“The music industry, all it does is perpetuate whatever’s going on outside,” said Jarrell Gilliard, 40, explaining the pharmaceutical drug presence he’s encountered and how it’s reflected in popular lyrics. “How they pump these pills and all these prescribed medicines through the streets. Once the streets got ’em …” said Gilliard, whose hip-hop alias is Grunge Gallardo.

Grunge is also a member of The Opioid Era, named for their gritty, raw imagery and lyrics. Songs such as “Suboxones,” “Sackler Oath” and “Overdose,” which opens with a haunting 911 recording of a woman frantically pleading for help with one, contrast sharply with the pill-laced tunes of hip-hop’s mainstream.

“I think that’s the most dangerous thing about it,” said Richard Buskey, 42, who completes The Opioid Era trio as Ambassador Rick. “It’s a disconnect between the youth and them realizing that they’re in the same category as what they would consider a junkie or a fiend.”

Tettey said that’s partly because mainstream artists represent a lifestyle many young adults want for themselves, which can translate into modeling behaviors like opioid misuse.

Feeling the ‘Lean’

Patrick Williams, 26, an independent rapper from Orange, Texas, with the stage name PatvFoo, is no stranger to addiction.

He was 21 when he first sipped “lean” — a drink made from mixing prescription cough syrup containing the antihistamine promethazine and the opioid codeine with soda, Jolly Rancher candies and ice, served in doubled-up Styrofoam cups. “It’s a variety of colors that you have,” PatvFoo said, referencing the various formulations of codeine cough syrups. Purple syrup ranks as most potent. PatvFoo learned about lean through the Texas rap scene and artists like DJ Screw and then became a user.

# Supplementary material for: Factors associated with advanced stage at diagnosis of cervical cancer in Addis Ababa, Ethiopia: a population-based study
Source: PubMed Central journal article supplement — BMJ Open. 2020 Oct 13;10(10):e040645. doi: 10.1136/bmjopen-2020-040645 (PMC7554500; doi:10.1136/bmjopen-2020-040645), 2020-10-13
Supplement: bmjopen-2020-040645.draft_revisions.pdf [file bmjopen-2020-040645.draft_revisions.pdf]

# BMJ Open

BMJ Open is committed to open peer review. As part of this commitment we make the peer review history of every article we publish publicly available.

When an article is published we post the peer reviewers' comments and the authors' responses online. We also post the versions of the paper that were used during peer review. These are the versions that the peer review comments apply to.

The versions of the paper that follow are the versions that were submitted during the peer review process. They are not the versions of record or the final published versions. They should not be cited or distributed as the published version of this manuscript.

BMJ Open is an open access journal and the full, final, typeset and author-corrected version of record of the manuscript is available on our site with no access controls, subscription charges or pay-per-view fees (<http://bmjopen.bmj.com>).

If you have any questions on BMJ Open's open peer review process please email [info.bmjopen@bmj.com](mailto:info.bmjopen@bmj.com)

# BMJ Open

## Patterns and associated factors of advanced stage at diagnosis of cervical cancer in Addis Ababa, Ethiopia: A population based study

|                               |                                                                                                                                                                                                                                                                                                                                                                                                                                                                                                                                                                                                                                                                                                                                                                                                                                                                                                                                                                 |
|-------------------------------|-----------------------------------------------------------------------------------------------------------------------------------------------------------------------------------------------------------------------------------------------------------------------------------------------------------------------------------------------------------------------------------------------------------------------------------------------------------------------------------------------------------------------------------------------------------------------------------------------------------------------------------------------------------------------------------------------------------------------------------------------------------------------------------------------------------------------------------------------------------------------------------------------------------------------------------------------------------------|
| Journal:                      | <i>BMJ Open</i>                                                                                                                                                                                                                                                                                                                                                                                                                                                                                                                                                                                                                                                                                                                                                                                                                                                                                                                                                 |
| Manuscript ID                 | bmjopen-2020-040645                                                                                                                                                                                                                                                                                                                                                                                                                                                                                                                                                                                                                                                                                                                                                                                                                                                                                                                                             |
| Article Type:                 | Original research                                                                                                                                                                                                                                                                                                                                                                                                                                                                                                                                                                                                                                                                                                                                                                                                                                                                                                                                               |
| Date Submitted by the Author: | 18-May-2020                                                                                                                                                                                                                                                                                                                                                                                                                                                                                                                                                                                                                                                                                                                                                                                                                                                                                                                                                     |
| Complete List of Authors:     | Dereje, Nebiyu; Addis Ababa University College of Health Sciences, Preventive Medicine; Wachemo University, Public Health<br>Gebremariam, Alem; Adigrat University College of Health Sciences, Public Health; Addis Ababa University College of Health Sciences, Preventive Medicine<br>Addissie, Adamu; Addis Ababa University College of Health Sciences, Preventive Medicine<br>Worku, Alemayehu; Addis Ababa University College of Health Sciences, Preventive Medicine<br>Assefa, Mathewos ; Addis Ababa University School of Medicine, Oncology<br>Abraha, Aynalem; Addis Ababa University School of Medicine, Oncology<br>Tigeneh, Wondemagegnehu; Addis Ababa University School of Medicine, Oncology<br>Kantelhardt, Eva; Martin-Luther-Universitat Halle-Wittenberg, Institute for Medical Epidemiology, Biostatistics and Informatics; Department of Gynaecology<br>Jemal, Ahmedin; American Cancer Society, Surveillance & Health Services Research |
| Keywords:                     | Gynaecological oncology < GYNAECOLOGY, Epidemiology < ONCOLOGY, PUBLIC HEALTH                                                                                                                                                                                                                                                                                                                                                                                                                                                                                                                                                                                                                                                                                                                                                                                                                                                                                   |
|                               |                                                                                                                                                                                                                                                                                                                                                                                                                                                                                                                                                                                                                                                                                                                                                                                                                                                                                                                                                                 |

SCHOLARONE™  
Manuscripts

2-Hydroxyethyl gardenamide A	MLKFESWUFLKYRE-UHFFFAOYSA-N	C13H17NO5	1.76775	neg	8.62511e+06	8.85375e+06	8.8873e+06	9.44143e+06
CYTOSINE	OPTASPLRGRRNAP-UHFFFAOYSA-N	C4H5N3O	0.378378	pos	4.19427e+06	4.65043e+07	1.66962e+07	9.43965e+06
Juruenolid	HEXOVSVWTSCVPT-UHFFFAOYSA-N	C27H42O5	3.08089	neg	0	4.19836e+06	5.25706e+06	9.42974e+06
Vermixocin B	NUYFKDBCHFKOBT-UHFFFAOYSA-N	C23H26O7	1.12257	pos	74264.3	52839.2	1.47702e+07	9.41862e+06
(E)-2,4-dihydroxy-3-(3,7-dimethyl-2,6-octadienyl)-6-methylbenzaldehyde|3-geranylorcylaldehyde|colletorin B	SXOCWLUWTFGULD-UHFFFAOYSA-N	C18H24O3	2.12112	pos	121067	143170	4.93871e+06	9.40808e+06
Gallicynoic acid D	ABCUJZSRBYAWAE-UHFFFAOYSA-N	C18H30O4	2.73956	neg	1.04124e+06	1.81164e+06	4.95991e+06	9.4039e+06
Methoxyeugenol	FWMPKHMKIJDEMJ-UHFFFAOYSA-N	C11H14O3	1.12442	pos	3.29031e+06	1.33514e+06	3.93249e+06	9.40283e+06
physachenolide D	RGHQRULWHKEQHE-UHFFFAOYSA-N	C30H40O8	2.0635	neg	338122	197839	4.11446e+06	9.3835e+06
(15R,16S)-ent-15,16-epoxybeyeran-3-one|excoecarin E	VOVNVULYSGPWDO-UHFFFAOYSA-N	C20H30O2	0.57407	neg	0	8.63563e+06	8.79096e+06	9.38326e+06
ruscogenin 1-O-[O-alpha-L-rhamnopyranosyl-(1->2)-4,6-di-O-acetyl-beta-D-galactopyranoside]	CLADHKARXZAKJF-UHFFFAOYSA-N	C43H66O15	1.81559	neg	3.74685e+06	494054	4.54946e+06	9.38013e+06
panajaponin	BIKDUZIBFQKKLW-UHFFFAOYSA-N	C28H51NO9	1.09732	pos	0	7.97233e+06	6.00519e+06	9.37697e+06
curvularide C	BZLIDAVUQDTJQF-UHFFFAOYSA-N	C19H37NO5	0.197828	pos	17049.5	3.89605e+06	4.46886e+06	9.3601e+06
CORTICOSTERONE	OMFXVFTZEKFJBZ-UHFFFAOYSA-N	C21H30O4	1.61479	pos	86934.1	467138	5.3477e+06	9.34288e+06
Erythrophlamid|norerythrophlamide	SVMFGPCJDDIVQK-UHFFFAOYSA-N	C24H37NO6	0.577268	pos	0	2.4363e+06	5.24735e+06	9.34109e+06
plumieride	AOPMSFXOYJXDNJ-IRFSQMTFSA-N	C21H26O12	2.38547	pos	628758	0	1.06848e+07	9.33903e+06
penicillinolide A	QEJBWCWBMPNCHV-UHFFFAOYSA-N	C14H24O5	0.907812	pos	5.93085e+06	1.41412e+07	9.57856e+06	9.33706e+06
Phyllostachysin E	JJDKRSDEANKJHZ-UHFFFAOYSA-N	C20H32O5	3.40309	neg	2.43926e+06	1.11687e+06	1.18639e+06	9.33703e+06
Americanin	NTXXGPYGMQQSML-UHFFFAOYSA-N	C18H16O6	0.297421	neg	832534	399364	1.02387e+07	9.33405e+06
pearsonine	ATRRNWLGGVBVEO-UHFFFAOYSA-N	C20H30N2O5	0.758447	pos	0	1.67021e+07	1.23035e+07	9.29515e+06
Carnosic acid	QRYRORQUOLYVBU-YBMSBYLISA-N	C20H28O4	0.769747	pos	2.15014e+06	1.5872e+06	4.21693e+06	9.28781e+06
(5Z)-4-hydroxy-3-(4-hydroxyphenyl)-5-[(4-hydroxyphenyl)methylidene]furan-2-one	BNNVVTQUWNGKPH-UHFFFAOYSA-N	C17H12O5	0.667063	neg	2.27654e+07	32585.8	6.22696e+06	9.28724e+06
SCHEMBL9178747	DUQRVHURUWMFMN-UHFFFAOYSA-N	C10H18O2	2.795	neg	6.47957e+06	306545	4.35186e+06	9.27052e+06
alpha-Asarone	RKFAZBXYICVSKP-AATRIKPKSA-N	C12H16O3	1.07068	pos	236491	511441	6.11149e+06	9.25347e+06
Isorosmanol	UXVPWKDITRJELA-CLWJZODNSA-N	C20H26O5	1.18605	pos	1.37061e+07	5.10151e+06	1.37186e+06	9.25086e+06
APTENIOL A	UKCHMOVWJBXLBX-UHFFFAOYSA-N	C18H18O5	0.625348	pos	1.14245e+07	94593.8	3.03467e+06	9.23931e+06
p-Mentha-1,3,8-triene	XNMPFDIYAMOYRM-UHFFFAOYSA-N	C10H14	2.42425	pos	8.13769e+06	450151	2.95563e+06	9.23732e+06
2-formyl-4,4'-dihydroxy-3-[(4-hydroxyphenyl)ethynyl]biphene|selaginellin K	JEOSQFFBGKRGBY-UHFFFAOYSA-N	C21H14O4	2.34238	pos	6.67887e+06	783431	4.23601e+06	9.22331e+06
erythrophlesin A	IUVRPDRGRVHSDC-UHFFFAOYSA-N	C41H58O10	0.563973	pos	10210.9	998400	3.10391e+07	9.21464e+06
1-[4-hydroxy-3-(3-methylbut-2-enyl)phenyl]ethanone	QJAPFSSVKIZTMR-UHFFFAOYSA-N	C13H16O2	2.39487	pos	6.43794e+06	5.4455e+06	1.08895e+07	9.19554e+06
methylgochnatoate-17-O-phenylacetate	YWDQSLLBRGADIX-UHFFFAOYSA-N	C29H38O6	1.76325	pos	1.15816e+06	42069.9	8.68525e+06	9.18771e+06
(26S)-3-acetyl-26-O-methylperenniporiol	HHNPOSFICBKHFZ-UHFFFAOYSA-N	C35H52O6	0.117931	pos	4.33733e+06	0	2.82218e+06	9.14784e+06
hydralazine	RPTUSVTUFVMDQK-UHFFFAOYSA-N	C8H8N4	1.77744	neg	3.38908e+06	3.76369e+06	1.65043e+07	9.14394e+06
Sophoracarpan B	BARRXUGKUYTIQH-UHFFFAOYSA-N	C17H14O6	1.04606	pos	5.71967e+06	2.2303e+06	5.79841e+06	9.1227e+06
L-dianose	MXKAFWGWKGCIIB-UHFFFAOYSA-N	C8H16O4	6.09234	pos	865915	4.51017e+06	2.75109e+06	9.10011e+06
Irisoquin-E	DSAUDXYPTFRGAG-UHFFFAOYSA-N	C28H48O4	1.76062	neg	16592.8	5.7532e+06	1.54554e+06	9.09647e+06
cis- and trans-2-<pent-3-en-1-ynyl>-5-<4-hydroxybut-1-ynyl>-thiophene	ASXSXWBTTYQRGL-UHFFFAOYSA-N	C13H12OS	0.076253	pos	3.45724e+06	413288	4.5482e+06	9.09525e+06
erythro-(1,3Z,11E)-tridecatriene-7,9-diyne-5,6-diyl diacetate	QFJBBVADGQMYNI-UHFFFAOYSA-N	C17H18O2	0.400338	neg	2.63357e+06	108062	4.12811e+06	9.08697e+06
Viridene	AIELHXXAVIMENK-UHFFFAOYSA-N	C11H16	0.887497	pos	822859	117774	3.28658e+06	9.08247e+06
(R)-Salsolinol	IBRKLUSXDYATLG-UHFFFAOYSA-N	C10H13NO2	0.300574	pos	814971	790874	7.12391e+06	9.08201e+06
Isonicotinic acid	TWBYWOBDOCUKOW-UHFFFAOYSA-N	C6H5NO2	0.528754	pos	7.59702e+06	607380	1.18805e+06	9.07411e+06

“At first, there’s a mellowing high,” said Stevie Jones, 23, also known as Prophet J, an independent rapper in Louisville, Kentucky. He has similar recollections from his first time misusing codeine syrups. He and his friends drizzled some on a blunt — the slang term for a hollowed-out cigar filled with pot. “It just makes it burn slower — like, get you a little bit higher, I guess,” Prophet J said.

Things can take a bad turn quickly. Although lean is one of the weaker opioids, experts say it is highly addictive, and often in a short time. “The day you go without it you get bad, bad stomach cramps. You feel like you got to just throw up all the time. You sweating. It’s like you got a bad flu,” PatvFoo said.